While we can do nothing legally to restrict political parties, we do not need to have the government support them.

I was horrified to discover upon voting this past November, that my district used voting machines that allowed a with the push of a button, a vote to be cast for every office for just one political party. We do not even need to know who we are voting for, we can just use a button to vote the party ticket completely blind.

There is no reason that our government should be enforcing the two party system by creating such a large incentive for lazy and/or ignorant voters to cast their vote with only a party label to guide them. There should be no button to buttress the two-party system.

We can take this idea one step further, remove all party affiliations from ballots and order candidates names either alphabetically, or even better, random. Thus each voter would have to know who they are actually voting for, rather just voting the party.

There are still further steps that we can take to diminish the power and influence of political parties. While I am not a fan of campaign finance laws, if we are going to have them, then lets remove the special privileges granted to political parties. Instead we can treat political parties as any other organization and hold them to the exact same financial constraints.

The government can also remove its role in party primaries. The political parties can schedule their own votes and find and pay for their own polling places. Government on all levels will no longer contribute anything out of the ordinary for the masturbatory events that are the party conventions.

Televised debates will no longer be monopolized by the two main parties. Since our airwaves are public, and the broadcast of the debate is a public service, the debates will be open to any candidate whose name appears on enough state ballots to mathematically capture the electoral vote in a beast case scenario.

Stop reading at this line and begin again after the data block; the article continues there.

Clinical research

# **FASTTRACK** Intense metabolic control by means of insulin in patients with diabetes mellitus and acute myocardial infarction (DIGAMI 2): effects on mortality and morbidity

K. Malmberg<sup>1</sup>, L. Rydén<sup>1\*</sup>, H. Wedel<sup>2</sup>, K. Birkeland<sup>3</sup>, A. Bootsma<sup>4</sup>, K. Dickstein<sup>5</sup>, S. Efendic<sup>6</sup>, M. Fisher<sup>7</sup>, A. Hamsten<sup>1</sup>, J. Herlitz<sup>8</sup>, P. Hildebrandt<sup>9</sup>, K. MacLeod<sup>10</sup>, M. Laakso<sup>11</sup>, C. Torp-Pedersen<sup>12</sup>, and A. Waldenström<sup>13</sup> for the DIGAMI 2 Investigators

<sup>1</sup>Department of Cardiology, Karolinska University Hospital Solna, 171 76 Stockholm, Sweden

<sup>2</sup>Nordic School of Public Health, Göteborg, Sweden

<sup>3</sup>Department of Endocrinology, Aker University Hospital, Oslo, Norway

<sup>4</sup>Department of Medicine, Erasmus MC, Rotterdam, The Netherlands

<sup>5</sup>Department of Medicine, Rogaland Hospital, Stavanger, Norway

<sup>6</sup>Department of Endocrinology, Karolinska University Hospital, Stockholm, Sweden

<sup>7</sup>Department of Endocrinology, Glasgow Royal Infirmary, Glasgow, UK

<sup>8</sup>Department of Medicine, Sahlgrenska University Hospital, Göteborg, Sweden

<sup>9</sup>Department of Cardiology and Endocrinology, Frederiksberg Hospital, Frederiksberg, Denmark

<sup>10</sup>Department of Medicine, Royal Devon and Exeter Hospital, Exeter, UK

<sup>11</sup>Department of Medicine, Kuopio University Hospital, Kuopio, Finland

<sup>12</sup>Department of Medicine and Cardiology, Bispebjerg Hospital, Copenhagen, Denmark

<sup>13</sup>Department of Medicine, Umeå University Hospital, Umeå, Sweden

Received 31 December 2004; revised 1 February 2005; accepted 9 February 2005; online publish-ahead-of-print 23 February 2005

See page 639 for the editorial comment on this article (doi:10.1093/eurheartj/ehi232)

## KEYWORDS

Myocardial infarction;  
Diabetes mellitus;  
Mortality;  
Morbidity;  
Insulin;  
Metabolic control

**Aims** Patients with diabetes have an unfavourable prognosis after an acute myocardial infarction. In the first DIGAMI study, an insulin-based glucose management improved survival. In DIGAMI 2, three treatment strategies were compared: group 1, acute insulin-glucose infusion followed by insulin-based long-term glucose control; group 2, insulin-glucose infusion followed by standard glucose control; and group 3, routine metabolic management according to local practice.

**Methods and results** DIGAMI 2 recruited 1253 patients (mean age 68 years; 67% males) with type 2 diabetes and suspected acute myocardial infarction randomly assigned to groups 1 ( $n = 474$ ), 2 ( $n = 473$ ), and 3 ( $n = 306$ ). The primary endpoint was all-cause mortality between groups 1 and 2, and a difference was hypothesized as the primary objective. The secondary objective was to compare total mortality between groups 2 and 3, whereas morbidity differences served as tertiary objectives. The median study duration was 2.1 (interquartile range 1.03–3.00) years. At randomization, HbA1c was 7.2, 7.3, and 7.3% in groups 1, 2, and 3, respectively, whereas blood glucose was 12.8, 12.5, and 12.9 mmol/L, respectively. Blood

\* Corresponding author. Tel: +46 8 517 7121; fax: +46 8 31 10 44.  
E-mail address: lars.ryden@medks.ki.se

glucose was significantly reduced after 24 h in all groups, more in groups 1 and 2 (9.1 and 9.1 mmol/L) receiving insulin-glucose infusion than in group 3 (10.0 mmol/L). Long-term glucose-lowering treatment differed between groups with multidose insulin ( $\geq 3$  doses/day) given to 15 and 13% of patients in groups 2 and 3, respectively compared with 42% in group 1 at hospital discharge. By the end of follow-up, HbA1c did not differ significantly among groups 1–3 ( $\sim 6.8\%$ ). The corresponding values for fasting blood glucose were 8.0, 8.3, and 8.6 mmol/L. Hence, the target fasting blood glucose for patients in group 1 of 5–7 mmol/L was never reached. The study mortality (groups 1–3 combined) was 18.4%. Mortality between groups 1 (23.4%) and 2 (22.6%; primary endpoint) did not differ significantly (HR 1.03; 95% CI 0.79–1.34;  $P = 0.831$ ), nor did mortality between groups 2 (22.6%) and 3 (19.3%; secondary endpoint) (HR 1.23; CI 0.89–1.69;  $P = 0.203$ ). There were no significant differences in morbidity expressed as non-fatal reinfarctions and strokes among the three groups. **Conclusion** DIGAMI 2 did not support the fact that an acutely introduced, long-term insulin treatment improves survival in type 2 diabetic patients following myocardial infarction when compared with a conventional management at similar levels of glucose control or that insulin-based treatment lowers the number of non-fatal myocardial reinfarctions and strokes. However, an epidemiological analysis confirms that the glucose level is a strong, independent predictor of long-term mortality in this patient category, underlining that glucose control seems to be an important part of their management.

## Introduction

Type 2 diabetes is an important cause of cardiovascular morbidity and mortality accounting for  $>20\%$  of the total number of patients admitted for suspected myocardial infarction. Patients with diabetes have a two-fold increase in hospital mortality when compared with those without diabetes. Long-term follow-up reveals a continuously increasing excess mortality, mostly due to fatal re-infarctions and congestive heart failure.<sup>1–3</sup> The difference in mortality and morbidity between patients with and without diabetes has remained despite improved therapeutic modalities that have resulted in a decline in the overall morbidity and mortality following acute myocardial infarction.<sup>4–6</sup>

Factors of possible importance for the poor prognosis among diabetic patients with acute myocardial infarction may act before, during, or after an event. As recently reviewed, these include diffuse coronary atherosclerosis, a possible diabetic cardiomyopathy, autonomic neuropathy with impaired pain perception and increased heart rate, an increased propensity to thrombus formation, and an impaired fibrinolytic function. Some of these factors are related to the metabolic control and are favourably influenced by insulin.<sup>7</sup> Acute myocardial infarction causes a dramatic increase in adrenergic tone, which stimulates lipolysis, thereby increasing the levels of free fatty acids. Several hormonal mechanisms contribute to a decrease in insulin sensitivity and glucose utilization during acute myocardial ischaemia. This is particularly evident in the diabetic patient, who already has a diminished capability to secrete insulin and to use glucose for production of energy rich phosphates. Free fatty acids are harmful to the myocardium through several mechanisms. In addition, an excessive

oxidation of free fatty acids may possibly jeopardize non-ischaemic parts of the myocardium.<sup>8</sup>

This is a good cut-off line because it will include almost all of the serious candidates, while excluding the extremely fringe candidates who could not even win the election anyway. Increased participation of candidates in the national debate is a win-win scenario for the American people. Increased exposure to alternative candidates will increase the chances that people will find a candidate that they actually support, rather that just the lesser of two evils. While the Republican and Democrat candidates will be forced to give real answers. Ambiguous answers that parrot the party-line talking point will no longer cut it, since they will be faced with debating candidates from all ends of the political spectrum.

Finally, Congress will no longer be organized systemically along party lines. Committee chairs will not automatically be granted to the majority party. If there is a majority party can they still select themselves as chairs? Certainly, but there only need be a few independent or third party members to throw out the idea of majority party, placing each party in the minority and in the position of needing to compromise.

No, we cannot completely rid ourselves of the two-party system without drastic changes. But we can eliminate some of the stranglehold that the elephants and donkeys have over America. We can reduce their influence.

We may never have a third party on equal footing with the Democrats and Republicans, but third parties can matter. Independent candidates can make a difference. States don’t have to be just red or blue or some shade of purple.